Muscle strength is often measured through the performance of a one-repetition maximum (1RM). However, we that feel a true measurement of ‘strength’ remains elusive. For example, low-load alternatives to traditional resistance training result in muscle hypertrophic changes similar to those resulting from traditional high-load resistance training, with less robust changes observed with maximal strength measured by the 1RM. However, when strength is measured using a test to which both groups are ‘naive’, differences in strength become less apparent. We suggest that the 1RM is a specific skill, which will improve most when training incorporates its practice or when a lift is completed at a near-maximal load. Thus, if we only recognize increases in the 1RM as indicative of strength, we will overlook many effective and diverse alternatives to traditional high-load resistance training. We wish to suggest that multiple measurements of strength assessment be utilized in order to capture a more complete picture of the adaptation to resistance training.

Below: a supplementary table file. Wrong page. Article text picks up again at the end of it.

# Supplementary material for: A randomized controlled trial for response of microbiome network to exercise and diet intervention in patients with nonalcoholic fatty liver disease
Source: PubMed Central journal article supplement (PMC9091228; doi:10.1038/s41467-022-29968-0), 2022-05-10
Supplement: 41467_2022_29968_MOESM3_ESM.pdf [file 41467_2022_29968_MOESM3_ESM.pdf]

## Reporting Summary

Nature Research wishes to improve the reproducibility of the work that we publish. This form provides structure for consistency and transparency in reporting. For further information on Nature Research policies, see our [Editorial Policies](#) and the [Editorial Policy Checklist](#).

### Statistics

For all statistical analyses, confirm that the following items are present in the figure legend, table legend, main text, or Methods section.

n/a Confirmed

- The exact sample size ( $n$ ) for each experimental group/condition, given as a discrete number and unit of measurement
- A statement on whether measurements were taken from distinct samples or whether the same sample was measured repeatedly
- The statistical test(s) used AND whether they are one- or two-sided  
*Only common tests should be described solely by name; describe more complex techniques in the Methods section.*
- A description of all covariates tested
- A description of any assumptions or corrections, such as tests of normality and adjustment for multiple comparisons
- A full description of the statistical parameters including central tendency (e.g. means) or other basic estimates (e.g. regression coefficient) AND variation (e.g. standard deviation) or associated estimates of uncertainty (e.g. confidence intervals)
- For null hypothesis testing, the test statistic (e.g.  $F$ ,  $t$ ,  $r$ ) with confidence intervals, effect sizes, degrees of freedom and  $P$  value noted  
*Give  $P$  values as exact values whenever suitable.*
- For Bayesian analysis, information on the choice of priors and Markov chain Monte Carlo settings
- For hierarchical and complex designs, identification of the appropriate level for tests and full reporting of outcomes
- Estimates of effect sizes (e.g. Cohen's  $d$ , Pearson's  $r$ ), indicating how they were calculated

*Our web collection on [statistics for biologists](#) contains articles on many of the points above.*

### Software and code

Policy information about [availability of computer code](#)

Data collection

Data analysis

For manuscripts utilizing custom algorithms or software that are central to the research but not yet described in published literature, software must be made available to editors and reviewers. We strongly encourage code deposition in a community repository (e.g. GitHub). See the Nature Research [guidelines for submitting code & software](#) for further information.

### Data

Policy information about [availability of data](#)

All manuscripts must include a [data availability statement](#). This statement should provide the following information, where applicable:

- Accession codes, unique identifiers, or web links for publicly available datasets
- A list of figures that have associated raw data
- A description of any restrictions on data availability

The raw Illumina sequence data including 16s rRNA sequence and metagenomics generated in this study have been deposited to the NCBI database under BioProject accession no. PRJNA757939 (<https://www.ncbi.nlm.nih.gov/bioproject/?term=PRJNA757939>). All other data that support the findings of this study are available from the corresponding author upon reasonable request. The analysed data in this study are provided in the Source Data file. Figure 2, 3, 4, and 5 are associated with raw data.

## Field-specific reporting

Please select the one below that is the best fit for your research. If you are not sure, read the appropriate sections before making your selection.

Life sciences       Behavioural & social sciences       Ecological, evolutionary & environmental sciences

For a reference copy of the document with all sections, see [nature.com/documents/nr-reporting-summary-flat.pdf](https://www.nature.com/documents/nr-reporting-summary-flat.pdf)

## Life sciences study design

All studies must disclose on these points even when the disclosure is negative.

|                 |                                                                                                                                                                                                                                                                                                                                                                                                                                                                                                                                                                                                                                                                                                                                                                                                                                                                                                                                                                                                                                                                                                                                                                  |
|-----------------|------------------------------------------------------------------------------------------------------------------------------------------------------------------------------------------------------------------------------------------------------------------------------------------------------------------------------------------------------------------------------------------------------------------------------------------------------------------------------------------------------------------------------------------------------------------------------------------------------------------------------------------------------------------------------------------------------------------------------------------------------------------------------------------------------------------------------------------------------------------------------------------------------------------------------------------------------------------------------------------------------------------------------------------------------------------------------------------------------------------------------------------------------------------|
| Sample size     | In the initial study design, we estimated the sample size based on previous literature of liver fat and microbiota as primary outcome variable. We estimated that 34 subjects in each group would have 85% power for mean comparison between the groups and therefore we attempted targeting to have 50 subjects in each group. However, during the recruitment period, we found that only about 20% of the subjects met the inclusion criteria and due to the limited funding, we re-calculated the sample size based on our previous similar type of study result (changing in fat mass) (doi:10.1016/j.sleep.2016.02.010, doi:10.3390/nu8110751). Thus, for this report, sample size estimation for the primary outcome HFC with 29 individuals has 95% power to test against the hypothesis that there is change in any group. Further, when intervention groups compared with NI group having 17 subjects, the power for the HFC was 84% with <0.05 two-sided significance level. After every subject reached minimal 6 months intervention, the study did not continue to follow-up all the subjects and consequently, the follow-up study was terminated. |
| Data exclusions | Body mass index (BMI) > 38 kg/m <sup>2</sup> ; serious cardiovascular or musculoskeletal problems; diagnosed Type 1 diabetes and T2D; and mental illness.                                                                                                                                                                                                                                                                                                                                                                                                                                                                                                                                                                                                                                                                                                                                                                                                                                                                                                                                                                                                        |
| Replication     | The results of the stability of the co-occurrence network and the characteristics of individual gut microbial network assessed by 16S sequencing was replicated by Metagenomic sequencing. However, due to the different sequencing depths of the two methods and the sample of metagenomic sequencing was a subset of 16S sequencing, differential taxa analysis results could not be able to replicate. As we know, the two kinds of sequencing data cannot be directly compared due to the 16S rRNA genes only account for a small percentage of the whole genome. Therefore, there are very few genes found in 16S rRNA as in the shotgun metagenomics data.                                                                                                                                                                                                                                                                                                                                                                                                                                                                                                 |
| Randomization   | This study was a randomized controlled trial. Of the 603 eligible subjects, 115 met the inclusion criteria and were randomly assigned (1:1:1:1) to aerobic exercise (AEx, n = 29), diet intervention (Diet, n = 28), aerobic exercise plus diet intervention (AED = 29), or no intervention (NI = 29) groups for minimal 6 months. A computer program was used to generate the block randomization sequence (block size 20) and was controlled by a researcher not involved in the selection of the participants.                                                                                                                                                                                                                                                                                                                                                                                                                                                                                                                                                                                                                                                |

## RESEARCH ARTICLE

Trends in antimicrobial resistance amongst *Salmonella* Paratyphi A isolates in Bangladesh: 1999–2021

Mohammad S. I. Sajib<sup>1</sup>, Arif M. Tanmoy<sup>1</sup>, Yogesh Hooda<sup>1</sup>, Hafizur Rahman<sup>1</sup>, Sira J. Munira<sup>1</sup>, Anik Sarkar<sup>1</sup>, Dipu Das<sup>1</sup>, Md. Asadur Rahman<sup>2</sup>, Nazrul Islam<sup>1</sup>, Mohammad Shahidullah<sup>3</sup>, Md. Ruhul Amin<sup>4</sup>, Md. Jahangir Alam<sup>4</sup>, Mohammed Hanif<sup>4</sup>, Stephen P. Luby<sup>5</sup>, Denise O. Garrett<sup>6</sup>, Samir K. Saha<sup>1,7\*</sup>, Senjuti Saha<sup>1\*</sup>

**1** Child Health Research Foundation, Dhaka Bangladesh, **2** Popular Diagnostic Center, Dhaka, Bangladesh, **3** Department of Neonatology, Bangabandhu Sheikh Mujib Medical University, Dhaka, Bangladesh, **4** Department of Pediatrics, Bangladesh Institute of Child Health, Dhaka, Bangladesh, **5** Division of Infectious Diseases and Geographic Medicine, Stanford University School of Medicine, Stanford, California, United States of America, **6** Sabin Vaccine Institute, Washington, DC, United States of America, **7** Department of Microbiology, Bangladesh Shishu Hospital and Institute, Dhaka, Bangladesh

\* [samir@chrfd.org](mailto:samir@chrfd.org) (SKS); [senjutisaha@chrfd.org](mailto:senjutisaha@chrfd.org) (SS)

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Conflict of interest
Samuel Buckner, Matthew Jessee, Kevin Mattocks, Grant Mouser, Brittany Counts, Scott Dankel and Jeremy Loenneke declare that they have no conflicts of interest that are relevant to the content of this article.
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Buckner, S.L., Jessee, M.B., Mattocks, K.T. et al. Determining Strength: A Case for Multiple Methods of Measurement. Sports Med 47, 193–195 (2017). https://doi.org/10.1007/s40279-016-0580-3
- Resistance Training
- Resistance Exercise
- Blood Flow Restriction
- Resistance Training Programme
- Maximal Isometric Strength